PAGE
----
Sequelae of treatment in 109 patients followed for 5 to 15 years after diagnosis of sarcoma of the bladder and prostate. A report from the intergroup rhabdomyosarcoma study committee
Article first published online: 28 JUN 2006
Copyright © 1993 American Cancer Society
Volume 71, Issue 7, pages 2387–2394, 1 April 1993
How to Cite
Raney, B., Heyn, R., Hays, D. M., Tefft, M., Newton, W. A., Wharam, M., Vassilopoulou-Sellin, R. and Maurer, H. M. (1993), Sequelae of treatment in 109 patients followed for 5 to 15 years after diagnosis of sarcoma of the bladder and prostate. A report from the intergroup rhabdomyosarcoma study committee. Cancer, 71: 2387–2394. doi: 10.1002/1097-0142(19930401)71:7<2387::AID-CNCR2820710734>3.0.CO;2-A
- Issue published online: 28 JUN 2006
- Article first published online: 28 JUN 2006
- Manuscript Accepted: 29 OCT 1992
- National Cancer Institute, Bethesda, Maryland. Grant Number: CA-13539, CA-24507, CA-29139, CA-30138, and CA-30969
- bladder-prostate sarcoma;
- long-term sequelae
Background. As increasing numbers of young patients with cancer survive, interest in the late effects of therapy is rising.
Methods. The sequelae of treatment were reviewed after a minimum of 5 years of observation in 109 surviving patients with sarcoma of the bladder or prostate who were enrolled in the Intergroup Rhabdomyosarcoma Studies I and II (1972–1984). The 82 male and 27 female patients were 3 weeks to 19 years of age when the diagnosis was made (median, 2 years) and were 5–29 years of age at last contact (median, 11 years). Treatment consisted of chemotherapy with vincristine, dactinomycin, and cyclophosphamide and bladder irradiation in nearly all patients.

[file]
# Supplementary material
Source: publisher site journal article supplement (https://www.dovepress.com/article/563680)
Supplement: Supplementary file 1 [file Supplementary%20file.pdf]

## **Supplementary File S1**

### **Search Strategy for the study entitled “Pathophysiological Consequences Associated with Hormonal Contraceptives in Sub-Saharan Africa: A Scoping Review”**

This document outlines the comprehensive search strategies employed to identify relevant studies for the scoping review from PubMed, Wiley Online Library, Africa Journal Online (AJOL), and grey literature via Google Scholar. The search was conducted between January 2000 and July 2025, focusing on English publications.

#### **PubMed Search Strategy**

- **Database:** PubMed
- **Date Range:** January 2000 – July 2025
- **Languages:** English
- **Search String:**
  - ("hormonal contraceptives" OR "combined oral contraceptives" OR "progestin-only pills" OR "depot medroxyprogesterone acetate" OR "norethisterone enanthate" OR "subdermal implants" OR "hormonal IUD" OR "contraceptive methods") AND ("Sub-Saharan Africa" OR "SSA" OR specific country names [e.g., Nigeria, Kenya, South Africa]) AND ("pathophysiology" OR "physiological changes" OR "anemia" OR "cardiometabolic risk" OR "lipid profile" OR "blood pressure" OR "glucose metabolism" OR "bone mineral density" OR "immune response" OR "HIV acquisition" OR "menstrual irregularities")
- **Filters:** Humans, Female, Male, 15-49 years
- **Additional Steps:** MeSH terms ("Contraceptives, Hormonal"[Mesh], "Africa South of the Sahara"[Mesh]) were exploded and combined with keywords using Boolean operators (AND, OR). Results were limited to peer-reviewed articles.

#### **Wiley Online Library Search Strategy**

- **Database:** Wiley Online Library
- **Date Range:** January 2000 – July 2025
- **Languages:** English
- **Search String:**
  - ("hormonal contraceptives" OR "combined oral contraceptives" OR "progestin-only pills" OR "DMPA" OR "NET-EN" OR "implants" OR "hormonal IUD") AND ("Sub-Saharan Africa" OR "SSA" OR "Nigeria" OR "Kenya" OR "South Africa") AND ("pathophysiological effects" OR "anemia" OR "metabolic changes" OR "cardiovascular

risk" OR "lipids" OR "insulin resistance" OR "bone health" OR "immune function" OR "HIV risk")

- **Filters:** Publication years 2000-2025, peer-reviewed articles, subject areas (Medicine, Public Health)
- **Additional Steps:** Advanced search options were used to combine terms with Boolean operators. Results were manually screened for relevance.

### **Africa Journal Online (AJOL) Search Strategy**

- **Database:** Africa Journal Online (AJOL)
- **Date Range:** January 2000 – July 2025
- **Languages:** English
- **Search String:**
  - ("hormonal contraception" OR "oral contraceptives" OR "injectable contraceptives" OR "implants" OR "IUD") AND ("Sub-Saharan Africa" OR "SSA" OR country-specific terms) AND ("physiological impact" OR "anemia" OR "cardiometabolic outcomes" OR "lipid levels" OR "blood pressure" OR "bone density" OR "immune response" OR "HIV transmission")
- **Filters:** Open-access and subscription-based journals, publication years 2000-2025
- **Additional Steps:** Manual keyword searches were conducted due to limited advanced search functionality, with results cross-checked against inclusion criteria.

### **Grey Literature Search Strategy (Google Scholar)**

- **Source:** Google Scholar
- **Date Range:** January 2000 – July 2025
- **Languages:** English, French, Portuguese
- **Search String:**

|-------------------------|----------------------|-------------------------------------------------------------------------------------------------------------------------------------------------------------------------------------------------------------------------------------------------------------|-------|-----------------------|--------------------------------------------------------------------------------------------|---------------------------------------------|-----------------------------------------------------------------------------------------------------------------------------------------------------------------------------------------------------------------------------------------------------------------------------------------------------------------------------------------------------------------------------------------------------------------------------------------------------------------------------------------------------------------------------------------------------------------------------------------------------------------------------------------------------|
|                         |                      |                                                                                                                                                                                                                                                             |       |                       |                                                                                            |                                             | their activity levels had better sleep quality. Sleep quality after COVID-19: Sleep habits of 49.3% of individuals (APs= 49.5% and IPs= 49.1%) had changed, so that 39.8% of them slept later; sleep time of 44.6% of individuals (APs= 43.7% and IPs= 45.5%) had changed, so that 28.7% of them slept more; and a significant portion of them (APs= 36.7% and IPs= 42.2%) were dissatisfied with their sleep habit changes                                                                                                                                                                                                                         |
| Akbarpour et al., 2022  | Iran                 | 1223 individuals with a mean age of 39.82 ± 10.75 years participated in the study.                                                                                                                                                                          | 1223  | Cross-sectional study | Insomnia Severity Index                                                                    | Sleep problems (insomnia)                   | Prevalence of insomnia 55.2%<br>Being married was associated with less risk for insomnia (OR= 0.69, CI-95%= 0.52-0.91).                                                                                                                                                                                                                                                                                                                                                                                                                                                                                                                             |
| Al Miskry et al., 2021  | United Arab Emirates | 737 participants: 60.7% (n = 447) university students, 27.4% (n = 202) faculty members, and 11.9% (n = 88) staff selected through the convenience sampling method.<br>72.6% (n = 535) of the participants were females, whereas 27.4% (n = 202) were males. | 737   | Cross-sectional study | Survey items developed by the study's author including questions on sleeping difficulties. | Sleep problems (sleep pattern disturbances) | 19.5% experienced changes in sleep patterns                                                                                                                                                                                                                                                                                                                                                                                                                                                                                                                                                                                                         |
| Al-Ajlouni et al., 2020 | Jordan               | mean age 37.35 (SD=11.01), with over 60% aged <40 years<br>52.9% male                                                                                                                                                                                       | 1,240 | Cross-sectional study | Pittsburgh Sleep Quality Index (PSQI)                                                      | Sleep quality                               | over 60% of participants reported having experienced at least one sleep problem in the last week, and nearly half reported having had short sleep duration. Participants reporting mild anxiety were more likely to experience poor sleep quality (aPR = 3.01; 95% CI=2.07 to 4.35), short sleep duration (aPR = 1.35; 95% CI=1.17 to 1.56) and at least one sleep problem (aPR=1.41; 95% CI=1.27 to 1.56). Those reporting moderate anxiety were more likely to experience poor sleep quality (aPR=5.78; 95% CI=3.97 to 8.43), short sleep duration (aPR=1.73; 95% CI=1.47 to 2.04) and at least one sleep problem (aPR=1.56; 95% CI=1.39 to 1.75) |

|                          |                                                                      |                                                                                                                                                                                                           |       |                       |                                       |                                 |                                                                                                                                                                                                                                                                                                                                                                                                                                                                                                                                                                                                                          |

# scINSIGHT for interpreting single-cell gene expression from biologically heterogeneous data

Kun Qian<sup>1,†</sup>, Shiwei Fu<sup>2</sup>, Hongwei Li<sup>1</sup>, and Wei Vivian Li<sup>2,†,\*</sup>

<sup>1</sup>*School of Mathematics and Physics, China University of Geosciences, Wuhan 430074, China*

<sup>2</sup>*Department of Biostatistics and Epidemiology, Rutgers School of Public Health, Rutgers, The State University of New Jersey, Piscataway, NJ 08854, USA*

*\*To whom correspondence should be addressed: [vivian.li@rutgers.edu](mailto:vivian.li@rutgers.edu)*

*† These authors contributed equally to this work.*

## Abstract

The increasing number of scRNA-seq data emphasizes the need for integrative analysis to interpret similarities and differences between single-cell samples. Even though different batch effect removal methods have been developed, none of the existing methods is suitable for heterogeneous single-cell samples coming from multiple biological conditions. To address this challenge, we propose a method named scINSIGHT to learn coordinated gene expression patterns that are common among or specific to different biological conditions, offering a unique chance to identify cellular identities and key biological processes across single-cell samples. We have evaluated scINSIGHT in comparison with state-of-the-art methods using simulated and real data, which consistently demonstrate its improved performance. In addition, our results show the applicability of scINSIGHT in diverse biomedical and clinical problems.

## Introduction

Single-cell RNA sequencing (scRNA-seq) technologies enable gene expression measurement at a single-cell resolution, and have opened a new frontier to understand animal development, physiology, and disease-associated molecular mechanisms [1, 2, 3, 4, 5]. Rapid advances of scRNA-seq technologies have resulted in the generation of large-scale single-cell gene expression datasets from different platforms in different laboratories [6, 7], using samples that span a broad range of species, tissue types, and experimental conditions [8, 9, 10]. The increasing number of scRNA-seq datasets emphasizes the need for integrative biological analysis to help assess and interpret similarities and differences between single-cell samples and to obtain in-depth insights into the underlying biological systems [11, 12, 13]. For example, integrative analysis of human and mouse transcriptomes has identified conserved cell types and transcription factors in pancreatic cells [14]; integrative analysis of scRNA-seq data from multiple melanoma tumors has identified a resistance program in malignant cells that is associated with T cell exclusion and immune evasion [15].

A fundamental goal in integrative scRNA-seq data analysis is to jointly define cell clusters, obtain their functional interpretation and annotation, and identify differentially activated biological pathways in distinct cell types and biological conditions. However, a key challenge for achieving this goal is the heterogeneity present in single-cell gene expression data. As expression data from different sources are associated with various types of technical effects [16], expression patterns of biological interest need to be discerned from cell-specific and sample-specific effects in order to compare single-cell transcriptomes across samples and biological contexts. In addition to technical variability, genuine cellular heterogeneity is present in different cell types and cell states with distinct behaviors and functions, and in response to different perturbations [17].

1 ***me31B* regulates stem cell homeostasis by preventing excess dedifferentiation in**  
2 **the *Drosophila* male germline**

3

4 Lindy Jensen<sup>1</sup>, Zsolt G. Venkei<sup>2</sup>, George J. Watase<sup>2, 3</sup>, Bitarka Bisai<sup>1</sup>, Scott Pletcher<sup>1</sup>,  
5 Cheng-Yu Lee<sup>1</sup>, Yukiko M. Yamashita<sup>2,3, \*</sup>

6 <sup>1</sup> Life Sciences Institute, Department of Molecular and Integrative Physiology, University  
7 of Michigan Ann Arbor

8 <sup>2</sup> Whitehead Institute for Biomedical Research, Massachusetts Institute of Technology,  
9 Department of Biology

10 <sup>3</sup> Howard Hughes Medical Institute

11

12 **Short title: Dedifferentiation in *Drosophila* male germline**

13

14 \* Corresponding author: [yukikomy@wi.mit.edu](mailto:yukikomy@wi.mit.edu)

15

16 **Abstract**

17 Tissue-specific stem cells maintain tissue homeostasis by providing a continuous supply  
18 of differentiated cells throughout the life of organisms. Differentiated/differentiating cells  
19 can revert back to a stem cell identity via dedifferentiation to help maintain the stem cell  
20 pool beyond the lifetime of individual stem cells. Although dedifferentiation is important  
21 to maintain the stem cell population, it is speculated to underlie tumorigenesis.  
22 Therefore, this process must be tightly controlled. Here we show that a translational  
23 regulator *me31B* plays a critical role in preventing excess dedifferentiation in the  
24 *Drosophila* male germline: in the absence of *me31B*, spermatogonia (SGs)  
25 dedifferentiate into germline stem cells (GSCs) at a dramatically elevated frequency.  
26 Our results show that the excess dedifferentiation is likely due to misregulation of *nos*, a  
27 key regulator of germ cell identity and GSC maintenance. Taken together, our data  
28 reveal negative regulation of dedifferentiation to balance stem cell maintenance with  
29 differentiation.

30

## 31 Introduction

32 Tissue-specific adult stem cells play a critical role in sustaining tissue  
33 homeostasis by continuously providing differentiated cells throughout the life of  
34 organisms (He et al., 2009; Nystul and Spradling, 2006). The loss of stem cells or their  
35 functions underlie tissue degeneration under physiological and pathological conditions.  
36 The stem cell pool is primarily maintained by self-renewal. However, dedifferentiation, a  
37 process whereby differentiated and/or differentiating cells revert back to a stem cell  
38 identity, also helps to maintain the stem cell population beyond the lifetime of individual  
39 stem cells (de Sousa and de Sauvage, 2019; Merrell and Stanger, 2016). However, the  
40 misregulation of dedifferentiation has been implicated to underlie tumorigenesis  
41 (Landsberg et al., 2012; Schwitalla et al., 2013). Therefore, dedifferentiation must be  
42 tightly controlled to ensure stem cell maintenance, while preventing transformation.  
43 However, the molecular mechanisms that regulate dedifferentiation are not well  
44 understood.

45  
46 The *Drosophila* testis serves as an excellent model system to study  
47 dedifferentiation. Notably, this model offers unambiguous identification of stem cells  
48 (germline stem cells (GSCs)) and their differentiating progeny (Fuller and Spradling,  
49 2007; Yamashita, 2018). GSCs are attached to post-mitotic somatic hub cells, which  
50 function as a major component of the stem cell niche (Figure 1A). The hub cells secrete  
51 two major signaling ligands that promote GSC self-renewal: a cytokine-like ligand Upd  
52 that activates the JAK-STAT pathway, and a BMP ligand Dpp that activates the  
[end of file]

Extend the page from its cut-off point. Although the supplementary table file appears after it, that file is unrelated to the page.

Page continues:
Results. Fifty-four patients underwent total cystectomy, and 10 had a partial cystectomy. Of the 55 patients with bladder preservation, 1 had a urinary conduit with a nonfunctioning bladder. Thus, 54 bladders (50% of the total) remained in place as part of the urinary tract. There was no information regarding bladder function in two patients. Satisfactory bladder function was found in 38 patients (73%), 9 were incontinent, and 5 had urinary frequency with or without nocturia. Posttherapy hematuria was detected in 29% of patients. Nine of the 31 patients (29%) with follow-up renal imaging studies had a structural abnormality, chiefly hydronephrosis, which was more frequent in those with urinary diversion. Positive urine cultures were found mainly among those with enteric urinary conduits, but only two cases of pyelonephritis were documented. Abnormalities of irradiated bone and bowel were observed infrequently. Only one patient had a significantly elevated blood urea nitrogen or serum creatinine value, and only one patient was hypertensive. Most patients were still prepubertal at last follow-up. Of 24 patients who were intrapubertal or postpubertal, 7 (29%) were receiving sex hormone replacement because of delayed pubertal development. Height was decreased by 25% or more in 11 patients, as confirmed by growth chart analysis. Secondary surgical procedures other than repeat biopsy or cystectomy consisted primarily of urinary conduit revisions and repair of bowel adhesions or fistulous tracts. Information about psychosocial status was limited.
Conclusions. Overall, 50% of the patients retained their bladders, and 73% of them had satisfactory bladder function. Renal function was preserved in nearly every patient.